It is part of traditional wisdom, and an important part, that we should not talk specifically or in detail about our personal sexual experiences.
Not talk about it ever.
Why? Because it is sacred, obviously.
OK, but why is it regarded as sacred?
Well, many reasons - but one neglected reason is that there are lots of bad things in life which will only be done (by most people) if and when people talk about them afterwards.
Most people are not content to sin in secret.
How many people would go bungee jumping if it was secret, and they could not tell anybody about it afterwards ever, nor show pictures and movies? How many people would get drunk? How many would have sexual affairs if they could not brag or weep about them with their pals?
A lot fewer than actually do these things now.
It is a great corruption of modernity, the way to which was paved by pop-Freudian psychology, that it is 'good to talk' about everything: and especially sex - 'unhealthy' to 'bottle anything up': and especially sex - and thereby people are led to do all kinds of sex-related things from the merely silly and wasteful, to the risky and show-offy, to the wicked and destructive... because (and only because) they are expecting to talk about them afterwards.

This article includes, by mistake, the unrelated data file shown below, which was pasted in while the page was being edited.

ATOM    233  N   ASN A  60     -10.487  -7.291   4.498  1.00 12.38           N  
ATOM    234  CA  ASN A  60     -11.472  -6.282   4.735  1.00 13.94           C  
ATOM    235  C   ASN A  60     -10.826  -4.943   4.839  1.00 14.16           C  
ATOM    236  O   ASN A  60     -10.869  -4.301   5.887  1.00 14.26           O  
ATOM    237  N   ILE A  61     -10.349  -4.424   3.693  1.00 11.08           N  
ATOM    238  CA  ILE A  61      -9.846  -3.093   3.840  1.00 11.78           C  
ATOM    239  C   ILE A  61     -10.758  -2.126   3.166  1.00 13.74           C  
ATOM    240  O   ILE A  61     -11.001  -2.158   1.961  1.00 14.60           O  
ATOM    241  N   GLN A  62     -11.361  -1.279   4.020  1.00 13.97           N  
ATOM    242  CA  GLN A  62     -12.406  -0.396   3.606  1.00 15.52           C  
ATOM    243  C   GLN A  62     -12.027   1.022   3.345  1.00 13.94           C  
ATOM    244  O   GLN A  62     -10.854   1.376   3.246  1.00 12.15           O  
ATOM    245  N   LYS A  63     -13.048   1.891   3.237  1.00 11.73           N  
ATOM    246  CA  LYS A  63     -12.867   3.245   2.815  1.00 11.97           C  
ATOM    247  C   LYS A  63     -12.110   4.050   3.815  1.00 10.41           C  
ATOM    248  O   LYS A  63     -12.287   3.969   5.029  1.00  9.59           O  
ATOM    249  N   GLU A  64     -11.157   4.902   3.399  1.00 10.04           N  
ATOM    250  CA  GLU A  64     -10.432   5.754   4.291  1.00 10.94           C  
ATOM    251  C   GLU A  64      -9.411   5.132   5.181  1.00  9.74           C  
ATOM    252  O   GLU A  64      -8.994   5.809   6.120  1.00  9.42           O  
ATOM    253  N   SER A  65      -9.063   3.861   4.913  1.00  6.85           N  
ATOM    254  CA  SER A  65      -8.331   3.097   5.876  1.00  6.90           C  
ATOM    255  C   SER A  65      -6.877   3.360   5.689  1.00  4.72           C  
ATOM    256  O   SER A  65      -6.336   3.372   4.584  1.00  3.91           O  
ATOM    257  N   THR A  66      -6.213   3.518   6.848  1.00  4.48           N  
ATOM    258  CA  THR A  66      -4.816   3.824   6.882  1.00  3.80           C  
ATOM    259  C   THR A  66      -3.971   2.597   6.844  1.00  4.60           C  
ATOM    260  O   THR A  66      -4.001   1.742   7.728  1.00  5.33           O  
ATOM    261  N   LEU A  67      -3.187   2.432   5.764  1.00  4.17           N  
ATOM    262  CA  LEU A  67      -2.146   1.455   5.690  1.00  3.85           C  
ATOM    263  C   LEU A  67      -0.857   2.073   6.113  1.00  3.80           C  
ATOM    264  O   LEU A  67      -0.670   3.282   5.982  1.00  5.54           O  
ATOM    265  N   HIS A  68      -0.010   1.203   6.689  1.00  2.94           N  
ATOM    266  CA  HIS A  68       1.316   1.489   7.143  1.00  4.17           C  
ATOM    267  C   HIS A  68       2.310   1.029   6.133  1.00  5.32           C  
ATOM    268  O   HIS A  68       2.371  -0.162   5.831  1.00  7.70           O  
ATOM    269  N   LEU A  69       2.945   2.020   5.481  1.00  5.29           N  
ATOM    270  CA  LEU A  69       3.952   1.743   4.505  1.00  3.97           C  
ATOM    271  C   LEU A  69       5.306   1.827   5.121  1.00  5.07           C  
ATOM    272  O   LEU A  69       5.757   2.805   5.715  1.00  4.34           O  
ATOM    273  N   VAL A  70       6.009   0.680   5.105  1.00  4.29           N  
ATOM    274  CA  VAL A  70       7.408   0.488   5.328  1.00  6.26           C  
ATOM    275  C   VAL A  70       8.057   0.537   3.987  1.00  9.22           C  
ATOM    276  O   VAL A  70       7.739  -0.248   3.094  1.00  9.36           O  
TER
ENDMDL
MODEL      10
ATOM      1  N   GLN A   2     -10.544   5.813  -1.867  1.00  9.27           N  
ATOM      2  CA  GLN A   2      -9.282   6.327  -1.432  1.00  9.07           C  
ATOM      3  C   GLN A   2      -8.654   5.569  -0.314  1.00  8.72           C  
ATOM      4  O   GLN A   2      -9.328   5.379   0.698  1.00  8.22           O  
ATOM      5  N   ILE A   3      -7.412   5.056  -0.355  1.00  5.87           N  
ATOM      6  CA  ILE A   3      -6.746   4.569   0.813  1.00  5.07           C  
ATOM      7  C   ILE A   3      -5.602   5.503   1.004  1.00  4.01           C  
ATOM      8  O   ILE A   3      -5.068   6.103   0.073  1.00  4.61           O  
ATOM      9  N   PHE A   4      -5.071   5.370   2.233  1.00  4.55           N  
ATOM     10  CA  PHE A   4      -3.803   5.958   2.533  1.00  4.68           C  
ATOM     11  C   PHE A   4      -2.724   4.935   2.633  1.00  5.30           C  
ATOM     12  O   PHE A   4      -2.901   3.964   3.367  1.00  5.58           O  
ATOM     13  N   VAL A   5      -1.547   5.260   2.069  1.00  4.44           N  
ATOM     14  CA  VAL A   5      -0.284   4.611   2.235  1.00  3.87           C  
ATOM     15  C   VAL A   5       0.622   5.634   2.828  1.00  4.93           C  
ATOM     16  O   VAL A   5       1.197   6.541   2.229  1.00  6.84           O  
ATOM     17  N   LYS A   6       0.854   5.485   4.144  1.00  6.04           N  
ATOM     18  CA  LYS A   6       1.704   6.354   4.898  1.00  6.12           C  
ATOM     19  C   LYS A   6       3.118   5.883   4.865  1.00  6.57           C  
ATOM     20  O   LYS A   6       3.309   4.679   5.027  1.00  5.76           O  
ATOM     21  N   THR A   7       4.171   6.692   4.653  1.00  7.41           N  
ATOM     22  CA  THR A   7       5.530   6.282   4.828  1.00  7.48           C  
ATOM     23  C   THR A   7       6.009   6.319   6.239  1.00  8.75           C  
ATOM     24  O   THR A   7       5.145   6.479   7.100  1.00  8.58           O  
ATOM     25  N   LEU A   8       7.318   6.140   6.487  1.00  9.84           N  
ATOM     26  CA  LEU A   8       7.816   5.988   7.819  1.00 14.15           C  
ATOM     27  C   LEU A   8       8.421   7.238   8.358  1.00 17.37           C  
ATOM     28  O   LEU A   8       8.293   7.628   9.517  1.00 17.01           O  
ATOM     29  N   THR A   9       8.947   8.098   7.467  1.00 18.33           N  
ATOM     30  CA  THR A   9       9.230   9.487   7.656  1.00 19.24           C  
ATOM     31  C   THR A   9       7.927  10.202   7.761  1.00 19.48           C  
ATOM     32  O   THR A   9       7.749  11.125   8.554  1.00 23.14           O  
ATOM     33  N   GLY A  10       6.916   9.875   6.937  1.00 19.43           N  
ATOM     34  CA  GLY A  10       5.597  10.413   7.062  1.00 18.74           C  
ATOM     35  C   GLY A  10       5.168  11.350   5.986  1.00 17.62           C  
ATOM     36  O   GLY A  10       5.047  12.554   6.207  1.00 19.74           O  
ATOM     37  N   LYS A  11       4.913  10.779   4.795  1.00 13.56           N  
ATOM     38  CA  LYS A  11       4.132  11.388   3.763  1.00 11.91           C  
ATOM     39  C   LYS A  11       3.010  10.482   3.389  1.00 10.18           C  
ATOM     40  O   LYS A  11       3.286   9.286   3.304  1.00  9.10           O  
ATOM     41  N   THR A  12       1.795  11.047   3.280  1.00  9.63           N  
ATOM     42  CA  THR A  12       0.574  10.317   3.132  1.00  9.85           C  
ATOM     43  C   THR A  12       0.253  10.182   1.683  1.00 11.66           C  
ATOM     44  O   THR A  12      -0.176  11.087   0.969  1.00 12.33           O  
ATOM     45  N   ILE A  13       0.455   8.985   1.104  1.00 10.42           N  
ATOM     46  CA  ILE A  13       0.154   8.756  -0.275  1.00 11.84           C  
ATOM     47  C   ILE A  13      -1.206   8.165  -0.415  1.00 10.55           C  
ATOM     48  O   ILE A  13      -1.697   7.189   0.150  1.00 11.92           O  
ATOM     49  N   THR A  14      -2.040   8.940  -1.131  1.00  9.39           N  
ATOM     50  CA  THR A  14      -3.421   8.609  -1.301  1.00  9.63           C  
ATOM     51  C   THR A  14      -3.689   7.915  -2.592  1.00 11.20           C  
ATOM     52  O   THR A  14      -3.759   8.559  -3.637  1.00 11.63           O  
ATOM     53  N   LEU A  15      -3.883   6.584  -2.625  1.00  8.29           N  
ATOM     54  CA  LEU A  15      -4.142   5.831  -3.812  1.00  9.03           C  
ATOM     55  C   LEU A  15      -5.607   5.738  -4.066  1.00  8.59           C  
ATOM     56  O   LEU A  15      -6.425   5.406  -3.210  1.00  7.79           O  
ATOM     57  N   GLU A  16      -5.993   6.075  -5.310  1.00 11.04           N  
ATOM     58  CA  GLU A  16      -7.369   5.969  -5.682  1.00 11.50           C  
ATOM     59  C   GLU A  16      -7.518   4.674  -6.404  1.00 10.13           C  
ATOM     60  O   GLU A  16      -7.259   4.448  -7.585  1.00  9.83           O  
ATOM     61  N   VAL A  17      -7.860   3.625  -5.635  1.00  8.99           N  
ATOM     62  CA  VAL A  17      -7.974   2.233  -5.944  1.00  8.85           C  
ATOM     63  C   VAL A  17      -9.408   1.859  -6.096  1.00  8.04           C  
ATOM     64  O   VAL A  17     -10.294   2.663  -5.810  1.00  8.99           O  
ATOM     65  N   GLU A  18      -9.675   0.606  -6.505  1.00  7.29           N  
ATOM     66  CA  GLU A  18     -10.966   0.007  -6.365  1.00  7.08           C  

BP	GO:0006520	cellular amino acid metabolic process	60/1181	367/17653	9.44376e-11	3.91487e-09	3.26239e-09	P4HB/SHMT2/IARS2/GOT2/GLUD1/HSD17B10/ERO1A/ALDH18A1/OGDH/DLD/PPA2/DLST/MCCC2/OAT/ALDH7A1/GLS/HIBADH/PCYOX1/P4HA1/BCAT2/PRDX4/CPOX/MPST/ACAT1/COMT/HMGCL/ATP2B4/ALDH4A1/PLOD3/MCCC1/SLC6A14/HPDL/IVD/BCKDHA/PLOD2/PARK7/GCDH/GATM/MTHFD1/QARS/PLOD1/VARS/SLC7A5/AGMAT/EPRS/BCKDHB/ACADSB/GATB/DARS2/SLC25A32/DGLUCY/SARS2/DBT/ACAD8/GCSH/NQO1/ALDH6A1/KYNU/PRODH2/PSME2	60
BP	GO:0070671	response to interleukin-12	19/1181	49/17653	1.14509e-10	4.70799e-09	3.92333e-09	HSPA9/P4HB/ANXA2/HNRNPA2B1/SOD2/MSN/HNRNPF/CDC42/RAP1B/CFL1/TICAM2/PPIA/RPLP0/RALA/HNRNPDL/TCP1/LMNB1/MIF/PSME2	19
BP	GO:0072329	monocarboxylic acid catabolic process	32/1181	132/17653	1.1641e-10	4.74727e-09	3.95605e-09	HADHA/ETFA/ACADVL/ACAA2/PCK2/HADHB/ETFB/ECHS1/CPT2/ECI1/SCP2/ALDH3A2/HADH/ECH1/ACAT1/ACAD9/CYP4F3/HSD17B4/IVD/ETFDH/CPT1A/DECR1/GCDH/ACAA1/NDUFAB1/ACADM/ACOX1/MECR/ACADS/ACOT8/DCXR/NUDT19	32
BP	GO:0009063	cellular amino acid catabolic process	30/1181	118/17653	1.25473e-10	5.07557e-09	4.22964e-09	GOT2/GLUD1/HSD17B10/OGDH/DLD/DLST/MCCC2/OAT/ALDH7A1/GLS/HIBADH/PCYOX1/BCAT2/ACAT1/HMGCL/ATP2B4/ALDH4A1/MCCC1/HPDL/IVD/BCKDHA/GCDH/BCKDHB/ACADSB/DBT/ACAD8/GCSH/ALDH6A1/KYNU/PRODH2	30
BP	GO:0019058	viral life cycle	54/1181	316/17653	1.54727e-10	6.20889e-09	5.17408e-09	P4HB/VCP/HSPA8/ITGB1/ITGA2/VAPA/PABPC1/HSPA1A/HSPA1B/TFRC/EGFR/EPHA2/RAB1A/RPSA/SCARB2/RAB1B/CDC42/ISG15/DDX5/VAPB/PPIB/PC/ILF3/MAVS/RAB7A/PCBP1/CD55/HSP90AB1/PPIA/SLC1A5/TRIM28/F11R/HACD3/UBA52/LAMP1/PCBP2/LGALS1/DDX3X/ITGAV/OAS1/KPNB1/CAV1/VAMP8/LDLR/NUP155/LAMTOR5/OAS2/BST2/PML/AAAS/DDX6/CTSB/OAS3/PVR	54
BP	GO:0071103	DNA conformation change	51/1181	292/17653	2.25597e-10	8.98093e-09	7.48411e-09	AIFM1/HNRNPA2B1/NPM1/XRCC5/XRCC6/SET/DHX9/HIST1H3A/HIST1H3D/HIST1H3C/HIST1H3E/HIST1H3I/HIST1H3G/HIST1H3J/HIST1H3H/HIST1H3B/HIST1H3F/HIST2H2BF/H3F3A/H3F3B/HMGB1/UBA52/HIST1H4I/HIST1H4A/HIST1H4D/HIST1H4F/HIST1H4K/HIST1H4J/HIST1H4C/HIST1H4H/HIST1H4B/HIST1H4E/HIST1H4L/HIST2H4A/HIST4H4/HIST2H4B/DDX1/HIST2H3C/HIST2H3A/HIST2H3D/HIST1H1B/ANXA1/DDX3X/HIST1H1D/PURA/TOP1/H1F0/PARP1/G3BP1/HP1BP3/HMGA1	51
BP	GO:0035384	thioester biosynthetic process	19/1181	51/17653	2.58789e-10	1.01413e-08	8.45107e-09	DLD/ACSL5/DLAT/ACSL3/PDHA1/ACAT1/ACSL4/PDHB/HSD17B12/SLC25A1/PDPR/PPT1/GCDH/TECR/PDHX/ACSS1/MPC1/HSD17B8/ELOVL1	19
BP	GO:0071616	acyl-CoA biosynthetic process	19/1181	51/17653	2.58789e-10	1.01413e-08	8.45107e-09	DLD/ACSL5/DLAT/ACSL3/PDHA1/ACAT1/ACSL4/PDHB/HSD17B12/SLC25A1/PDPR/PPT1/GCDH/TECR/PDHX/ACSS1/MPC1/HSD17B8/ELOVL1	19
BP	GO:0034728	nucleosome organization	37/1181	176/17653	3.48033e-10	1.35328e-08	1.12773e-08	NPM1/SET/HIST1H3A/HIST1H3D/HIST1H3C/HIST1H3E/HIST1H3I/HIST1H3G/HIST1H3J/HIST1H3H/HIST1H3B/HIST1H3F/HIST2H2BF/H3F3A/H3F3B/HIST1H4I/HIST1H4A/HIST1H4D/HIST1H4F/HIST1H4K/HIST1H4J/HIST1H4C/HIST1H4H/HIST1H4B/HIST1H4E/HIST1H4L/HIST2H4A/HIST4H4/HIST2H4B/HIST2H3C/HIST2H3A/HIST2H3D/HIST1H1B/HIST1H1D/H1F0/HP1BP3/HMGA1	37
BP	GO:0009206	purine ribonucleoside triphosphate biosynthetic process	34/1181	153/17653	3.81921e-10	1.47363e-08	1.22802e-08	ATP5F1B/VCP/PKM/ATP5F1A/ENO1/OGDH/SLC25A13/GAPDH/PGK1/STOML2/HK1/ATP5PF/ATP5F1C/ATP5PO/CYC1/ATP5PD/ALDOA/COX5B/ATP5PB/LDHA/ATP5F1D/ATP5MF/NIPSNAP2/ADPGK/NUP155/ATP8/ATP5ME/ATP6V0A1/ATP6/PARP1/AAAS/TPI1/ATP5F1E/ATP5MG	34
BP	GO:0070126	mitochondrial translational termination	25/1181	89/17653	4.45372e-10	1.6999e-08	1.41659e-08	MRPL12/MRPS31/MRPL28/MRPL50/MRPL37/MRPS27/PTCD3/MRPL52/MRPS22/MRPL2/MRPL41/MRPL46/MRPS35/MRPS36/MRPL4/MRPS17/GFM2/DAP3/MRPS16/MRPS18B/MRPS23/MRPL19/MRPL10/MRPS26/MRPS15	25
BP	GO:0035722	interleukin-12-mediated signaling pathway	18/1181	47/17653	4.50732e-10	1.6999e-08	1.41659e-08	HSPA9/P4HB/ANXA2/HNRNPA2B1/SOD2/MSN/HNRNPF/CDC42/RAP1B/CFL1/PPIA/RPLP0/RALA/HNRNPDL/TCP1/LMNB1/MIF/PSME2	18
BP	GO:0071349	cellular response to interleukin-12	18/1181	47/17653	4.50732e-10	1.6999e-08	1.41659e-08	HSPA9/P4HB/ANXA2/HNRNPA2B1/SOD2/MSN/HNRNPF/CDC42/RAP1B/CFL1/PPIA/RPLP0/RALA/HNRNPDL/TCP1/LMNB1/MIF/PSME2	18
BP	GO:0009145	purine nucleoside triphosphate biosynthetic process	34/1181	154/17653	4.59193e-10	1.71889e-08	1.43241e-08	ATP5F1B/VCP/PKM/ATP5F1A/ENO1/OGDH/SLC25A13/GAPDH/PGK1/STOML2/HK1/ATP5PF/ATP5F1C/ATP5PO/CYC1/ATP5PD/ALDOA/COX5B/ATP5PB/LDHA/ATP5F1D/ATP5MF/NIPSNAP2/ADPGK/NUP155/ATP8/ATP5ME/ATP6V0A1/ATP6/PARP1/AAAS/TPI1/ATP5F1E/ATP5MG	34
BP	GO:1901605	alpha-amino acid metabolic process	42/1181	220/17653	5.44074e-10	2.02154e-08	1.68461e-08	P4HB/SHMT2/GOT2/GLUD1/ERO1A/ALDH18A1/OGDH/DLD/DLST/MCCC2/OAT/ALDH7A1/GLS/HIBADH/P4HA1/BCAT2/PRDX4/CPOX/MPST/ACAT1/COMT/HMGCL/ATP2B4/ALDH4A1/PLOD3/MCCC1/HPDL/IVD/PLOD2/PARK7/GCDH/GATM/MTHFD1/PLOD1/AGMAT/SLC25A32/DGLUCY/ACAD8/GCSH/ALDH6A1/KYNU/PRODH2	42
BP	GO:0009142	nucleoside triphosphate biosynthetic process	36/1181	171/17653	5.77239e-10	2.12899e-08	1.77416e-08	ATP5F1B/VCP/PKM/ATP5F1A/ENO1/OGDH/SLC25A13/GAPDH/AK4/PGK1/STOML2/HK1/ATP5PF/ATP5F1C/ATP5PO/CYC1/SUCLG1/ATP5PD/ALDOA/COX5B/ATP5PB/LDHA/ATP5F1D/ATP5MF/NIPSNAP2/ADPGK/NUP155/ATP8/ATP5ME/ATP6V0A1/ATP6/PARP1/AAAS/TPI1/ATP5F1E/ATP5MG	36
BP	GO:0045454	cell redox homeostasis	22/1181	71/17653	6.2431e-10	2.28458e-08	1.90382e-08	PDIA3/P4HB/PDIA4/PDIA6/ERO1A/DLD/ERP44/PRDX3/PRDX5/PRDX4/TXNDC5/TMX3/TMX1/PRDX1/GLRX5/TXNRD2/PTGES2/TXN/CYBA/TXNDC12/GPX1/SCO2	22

This is, or ought to be, common sense. It is hard to avoid noticing that the people who do the worst things most often - who are habitually wicked - are nearly always keen on telling everybody about it, get great satisfaction from telling everybody about it. The men boast to their mates, the women 'share' with their girlfriends.
When people talk specifically about their sexual experiences, by doing so they make them part of the world of entertainment, gossip, and sensational public experience.
Not only are the experiences instantly, then increasingly, devalued by the communication; the communication sets-up an expectation of having new kinds of experiences, novelties, variations - just like all the other things we talk about: news, books, TV, sports, summer holidays... these feed on change.
Since sexual experience is something which ought to be within permanent marriage, this is why sex should never be talked about.
Note - The above principle is true; and I am not interested in being told that there are marginal or grey areas and exceptions - such as some medical problems. There are always marginal/ grey areas and exceptions to any true moral principle (or scientific law) - and only inexperienced young children should be impressed by this fact.
Now here's a fact so obvious its contradiction would have hit our grandparents like a slap in the face. Yet one never sees it put so plainly: You just don't talk about it. We now live inside out where reticence is shamed and rare is the home where talk of even the vilest sex practices doesn't belch from the TV.
As St. John put it, "Gather round, all you clowns, let me hear you say -- Hey! You've got to hide your love away...."
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